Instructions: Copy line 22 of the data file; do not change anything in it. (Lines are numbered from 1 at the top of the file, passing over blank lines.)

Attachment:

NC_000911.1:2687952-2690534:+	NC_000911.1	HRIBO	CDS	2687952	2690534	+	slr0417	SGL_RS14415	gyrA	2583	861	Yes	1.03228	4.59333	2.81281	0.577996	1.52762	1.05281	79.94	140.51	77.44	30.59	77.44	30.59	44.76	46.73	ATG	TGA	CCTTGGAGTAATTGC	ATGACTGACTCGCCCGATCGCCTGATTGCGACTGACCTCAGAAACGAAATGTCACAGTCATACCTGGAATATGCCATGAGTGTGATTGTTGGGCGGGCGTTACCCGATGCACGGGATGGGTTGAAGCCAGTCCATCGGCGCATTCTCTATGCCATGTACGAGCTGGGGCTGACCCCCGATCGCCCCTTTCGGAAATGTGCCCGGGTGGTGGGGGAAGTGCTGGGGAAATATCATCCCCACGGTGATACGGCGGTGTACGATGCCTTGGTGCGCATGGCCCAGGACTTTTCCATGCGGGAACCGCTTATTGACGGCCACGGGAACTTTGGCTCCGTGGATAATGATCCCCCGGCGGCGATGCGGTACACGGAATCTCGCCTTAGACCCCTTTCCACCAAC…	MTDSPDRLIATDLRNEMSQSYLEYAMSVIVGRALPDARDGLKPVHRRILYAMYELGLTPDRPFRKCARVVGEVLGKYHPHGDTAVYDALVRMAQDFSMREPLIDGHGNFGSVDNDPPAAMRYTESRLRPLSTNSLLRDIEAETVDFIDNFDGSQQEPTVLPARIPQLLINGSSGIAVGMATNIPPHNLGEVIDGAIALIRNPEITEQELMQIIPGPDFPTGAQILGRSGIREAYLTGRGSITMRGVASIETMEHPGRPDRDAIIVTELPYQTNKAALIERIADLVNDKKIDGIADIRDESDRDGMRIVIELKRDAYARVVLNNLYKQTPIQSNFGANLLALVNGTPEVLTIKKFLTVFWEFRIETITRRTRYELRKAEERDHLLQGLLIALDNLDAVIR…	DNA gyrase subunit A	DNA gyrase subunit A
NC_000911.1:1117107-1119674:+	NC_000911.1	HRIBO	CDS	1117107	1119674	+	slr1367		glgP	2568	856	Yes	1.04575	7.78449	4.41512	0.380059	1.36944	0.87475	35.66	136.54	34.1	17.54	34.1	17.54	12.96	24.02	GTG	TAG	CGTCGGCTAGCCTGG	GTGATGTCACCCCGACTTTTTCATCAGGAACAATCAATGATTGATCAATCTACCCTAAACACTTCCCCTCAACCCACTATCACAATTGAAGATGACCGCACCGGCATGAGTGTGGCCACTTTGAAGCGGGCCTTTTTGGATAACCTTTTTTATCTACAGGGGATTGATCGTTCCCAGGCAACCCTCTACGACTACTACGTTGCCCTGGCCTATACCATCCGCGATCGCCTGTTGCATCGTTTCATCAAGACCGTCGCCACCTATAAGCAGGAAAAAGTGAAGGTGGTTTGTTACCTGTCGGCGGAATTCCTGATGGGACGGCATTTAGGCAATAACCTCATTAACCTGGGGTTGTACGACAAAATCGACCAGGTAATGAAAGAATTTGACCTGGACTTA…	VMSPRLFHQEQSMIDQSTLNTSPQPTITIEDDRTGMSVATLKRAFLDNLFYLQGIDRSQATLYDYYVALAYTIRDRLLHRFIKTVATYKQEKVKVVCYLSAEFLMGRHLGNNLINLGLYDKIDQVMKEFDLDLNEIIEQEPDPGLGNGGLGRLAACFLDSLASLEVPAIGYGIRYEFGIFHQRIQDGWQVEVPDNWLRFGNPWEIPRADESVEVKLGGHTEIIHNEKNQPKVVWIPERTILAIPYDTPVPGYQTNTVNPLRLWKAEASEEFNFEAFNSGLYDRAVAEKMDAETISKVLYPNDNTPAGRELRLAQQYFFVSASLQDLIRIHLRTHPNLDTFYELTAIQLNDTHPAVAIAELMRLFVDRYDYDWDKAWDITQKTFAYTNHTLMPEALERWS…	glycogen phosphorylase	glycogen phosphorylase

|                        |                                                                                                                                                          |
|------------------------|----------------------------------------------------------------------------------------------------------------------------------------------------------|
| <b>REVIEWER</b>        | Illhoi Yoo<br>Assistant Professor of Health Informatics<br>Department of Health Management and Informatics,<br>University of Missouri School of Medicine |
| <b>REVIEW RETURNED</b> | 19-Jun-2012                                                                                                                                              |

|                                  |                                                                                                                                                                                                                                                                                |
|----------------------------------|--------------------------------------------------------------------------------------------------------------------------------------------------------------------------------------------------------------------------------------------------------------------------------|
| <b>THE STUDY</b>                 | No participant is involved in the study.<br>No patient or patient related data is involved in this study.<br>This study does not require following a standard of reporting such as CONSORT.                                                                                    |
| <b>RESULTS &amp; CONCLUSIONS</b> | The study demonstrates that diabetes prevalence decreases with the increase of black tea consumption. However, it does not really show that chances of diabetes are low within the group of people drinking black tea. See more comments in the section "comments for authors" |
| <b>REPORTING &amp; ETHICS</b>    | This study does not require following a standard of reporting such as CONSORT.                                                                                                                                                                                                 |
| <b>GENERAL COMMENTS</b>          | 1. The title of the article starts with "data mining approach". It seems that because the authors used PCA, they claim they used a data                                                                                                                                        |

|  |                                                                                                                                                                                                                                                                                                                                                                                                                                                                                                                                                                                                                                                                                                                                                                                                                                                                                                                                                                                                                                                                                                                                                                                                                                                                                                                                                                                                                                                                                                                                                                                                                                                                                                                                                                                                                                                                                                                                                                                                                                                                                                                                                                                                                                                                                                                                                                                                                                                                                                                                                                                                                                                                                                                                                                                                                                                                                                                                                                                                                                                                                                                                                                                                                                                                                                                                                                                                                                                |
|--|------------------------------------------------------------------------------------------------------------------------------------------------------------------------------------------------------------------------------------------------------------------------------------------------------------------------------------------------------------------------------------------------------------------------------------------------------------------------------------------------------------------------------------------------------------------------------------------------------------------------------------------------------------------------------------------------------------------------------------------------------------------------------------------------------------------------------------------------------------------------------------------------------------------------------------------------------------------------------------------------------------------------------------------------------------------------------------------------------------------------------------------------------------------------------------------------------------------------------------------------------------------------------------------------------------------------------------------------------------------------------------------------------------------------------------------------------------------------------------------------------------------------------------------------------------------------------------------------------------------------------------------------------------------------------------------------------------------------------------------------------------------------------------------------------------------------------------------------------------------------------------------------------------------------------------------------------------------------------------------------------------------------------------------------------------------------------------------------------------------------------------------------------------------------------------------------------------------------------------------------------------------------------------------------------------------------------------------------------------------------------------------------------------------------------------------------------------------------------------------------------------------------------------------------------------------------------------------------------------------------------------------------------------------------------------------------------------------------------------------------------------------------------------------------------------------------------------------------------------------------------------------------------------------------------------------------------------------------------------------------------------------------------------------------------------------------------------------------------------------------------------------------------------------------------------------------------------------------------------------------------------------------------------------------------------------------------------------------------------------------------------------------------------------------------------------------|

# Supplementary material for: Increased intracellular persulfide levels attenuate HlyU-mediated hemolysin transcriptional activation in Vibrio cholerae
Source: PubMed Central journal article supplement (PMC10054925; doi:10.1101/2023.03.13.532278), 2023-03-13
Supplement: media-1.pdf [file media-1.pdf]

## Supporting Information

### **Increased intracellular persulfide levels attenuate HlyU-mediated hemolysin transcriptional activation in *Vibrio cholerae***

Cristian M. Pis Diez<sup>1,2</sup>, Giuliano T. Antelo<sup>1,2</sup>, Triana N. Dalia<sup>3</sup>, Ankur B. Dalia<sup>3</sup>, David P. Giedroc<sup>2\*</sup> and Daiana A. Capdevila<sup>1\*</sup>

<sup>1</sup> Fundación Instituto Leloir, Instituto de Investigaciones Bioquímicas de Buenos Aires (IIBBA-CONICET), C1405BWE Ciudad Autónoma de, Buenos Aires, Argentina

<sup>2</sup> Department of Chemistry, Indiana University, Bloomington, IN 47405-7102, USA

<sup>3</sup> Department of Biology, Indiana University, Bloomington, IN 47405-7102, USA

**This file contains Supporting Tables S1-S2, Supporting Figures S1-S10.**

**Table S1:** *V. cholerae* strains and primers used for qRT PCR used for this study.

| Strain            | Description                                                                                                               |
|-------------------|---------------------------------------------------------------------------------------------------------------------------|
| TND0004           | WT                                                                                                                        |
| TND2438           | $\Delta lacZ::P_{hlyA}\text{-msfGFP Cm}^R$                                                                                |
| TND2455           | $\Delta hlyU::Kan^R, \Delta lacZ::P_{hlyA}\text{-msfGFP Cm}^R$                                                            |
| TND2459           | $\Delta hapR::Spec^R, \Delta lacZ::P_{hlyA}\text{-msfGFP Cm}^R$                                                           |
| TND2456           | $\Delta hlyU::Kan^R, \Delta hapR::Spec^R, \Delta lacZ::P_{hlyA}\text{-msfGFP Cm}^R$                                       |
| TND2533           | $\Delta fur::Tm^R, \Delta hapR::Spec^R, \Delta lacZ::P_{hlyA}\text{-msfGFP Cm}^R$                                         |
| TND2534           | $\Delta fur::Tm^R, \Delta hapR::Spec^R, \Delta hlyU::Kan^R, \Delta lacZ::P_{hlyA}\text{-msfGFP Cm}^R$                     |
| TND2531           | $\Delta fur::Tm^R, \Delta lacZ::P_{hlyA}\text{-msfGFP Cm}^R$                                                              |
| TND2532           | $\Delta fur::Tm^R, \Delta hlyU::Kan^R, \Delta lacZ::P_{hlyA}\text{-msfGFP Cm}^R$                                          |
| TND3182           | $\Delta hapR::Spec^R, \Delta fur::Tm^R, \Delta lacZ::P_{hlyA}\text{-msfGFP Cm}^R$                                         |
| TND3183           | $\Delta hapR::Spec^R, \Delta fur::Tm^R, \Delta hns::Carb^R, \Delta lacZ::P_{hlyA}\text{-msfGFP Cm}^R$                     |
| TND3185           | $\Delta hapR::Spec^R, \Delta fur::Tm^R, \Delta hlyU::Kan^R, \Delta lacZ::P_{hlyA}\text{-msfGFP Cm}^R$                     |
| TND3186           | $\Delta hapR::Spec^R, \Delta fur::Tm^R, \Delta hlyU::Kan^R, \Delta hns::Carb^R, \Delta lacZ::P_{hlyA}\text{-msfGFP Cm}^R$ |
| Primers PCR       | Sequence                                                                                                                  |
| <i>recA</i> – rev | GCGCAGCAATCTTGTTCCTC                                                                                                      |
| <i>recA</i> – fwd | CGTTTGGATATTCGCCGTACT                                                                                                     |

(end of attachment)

<sup>2</sup> Department of Chemistry, Indiana University, Bloomington, IN 47405-7102, USA